Additional Contributors

Jorge H Vargas, MD Professor of Pediatrics and Clinical Professor of Pediatric Gastroenterology, University of California, Los Angeles, David Geffen School of Medicine; Consulting Physician, Department of Pediatrics, University of California at Los Angeles Health System

Jorge H Vargas, MD is a member of the following medical societies: American Liver Foundation, Latin American Society of Pediatric Gastroenterology, Hepatology & Nutrition, American Society for Gastrointestinal Endoscopy, American Society for Parenteral and Enteral Nutrition, North American Society for Pediatric Gastroenterology, Hepatology and Nutrition

Disclosure: Nothing to disclose.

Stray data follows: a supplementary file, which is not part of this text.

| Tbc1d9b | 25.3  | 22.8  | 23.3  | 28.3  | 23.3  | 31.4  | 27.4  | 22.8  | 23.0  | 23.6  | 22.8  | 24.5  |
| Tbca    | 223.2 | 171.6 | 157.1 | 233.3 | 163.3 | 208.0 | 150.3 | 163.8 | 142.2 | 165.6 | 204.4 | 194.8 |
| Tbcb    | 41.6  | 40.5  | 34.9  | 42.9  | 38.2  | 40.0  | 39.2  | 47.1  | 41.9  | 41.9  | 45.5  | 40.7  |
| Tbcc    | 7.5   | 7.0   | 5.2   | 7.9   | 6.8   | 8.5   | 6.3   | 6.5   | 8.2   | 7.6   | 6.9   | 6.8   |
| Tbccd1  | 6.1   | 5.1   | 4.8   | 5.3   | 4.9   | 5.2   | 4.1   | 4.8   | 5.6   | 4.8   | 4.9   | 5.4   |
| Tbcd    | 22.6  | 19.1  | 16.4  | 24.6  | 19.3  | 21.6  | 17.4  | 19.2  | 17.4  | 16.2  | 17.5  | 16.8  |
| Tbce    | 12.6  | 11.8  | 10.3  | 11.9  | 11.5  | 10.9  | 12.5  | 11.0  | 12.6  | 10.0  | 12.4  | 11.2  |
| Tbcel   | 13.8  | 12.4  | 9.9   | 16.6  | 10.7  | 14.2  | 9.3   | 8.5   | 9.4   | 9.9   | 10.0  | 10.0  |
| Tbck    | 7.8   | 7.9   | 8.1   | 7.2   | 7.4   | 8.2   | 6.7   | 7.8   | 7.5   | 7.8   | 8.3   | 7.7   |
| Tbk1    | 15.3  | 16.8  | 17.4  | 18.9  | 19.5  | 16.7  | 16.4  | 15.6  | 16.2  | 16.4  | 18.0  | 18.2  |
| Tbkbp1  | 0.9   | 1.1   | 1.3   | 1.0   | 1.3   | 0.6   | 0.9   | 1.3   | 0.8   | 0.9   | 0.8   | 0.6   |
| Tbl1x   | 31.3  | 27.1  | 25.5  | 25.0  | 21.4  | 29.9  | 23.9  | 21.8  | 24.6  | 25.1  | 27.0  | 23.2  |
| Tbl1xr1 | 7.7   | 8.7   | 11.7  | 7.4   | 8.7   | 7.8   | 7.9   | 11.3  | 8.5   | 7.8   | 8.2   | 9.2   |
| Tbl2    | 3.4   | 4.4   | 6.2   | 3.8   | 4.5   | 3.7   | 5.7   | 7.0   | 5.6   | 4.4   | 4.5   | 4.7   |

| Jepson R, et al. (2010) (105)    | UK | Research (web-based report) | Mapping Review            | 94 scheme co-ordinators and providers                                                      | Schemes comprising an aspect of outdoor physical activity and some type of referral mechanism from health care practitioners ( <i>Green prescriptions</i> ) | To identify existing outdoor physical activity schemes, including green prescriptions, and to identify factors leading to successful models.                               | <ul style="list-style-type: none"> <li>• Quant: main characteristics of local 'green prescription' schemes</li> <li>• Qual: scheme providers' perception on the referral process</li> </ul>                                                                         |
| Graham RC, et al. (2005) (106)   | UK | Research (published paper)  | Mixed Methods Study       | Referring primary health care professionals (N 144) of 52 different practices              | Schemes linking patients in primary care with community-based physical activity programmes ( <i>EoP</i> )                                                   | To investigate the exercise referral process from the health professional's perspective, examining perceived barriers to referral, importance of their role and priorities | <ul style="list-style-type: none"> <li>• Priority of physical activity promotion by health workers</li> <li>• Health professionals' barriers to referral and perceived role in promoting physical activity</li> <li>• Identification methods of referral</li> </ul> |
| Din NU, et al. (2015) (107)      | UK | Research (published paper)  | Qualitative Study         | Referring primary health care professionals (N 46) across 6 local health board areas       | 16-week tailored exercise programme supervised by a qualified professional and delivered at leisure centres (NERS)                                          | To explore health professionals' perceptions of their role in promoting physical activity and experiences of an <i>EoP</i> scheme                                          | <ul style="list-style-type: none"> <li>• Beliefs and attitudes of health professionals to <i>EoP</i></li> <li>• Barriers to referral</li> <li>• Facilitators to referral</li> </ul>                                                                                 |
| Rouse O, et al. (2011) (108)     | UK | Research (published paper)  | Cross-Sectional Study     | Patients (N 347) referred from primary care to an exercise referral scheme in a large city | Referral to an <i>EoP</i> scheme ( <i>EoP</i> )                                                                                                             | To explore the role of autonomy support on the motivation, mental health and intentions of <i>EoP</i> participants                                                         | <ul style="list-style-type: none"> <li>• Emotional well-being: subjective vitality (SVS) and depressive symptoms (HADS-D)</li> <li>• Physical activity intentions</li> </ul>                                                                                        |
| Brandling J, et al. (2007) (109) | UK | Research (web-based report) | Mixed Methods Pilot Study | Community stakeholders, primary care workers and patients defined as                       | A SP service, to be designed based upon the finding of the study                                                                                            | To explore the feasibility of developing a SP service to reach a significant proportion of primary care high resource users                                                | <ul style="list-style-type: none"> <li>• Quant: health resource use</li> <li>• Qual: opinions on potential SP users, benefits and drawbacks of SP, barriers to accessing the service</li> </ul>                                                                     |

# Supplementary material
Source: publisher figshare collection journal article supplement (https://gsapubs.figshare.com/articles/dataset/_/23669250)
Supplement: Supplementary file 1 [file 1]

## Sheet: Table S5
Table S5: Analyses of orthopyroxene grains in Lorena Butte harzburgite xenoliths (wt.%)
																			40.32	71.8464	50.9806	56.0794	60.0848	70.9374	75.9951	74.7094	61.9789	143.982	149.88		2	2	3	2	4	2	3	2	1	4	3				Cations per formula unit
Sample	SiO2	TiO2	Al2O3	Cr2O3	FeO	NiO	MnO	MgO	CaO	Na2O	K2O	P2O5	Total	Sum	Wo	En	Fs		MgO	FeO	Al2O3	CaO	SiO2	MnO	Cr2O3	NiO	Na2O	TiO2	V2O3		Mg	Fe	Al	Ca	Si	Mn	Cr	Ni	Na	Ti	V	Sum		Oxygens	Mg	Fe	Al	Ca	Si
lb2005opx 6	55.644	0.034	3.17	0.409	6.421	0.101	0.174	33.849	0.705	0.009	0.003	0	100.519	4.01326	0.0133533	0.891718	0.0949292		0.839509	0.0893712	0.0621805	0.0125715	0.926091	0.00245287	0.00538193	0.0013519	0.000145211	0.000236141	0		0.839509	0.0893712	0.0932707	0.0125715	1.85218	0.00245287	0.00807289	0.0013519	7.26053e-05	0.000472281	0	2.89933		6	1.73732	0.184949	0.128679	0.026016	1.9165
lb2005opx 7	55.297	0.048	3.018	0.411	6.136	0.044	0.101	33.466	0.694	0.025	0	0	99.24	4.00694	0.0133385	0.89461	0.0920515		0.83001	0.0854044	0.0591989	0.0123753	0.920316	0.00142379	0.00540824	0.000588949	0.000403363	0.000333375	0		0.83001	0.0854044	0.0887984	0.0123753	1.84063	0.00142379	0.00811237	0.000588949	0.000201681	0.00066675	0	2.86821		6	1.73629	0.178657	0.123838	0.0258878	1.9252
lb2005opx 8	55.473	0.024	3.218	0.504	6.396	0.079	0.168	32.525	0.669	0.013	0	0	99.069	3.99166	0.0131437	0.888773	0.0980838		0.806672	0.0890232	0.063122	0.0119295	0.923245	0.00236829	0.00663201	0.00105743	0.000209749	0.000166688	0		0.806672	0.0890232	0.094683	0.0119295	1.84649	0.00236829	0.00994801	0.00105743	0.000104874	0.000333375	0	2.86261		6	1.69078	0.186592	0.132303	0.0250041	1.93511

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Colon, polyposis syndromes: polyposis coli. Postevacuation image obtained after double-contrast barium enema study shows extensive polyposis of the colon.
Endoscopic images showing multiple large intestinal polyps in a patient with Gardner syndrome. Courtesy of Christina Surawicz, MD, Harborview Medical Center, Seattle, Wash.
Surgical specimen of the colon in a patient with familial polyposis after total colectomy with ileoanal anastomosis. Note the carpetlike appearance of the mucosa covered with polyps.
High-power view of a tubular adenoma. Courtesy of G. Warren, MD, Rose Medical Center, Denver, Colo.
Villous adenoma showing fingerlike projections stretching from the surface of a polyp downward with minimal branching. Courtesy of D. Owen, MD.
Plain lateral skull radiograph in a patient with known Gardner syndrome shows a large osteoma in the occipital region (arrows).
Bland fibrocytic cells of a desmoid tumor growing in a haphazard-to-storiform manner and producing collagen (hematoxylin-eosin, original magnification X100).
Cyst containing keratinous material (hematoxylin and eosin, original magnification X1.6).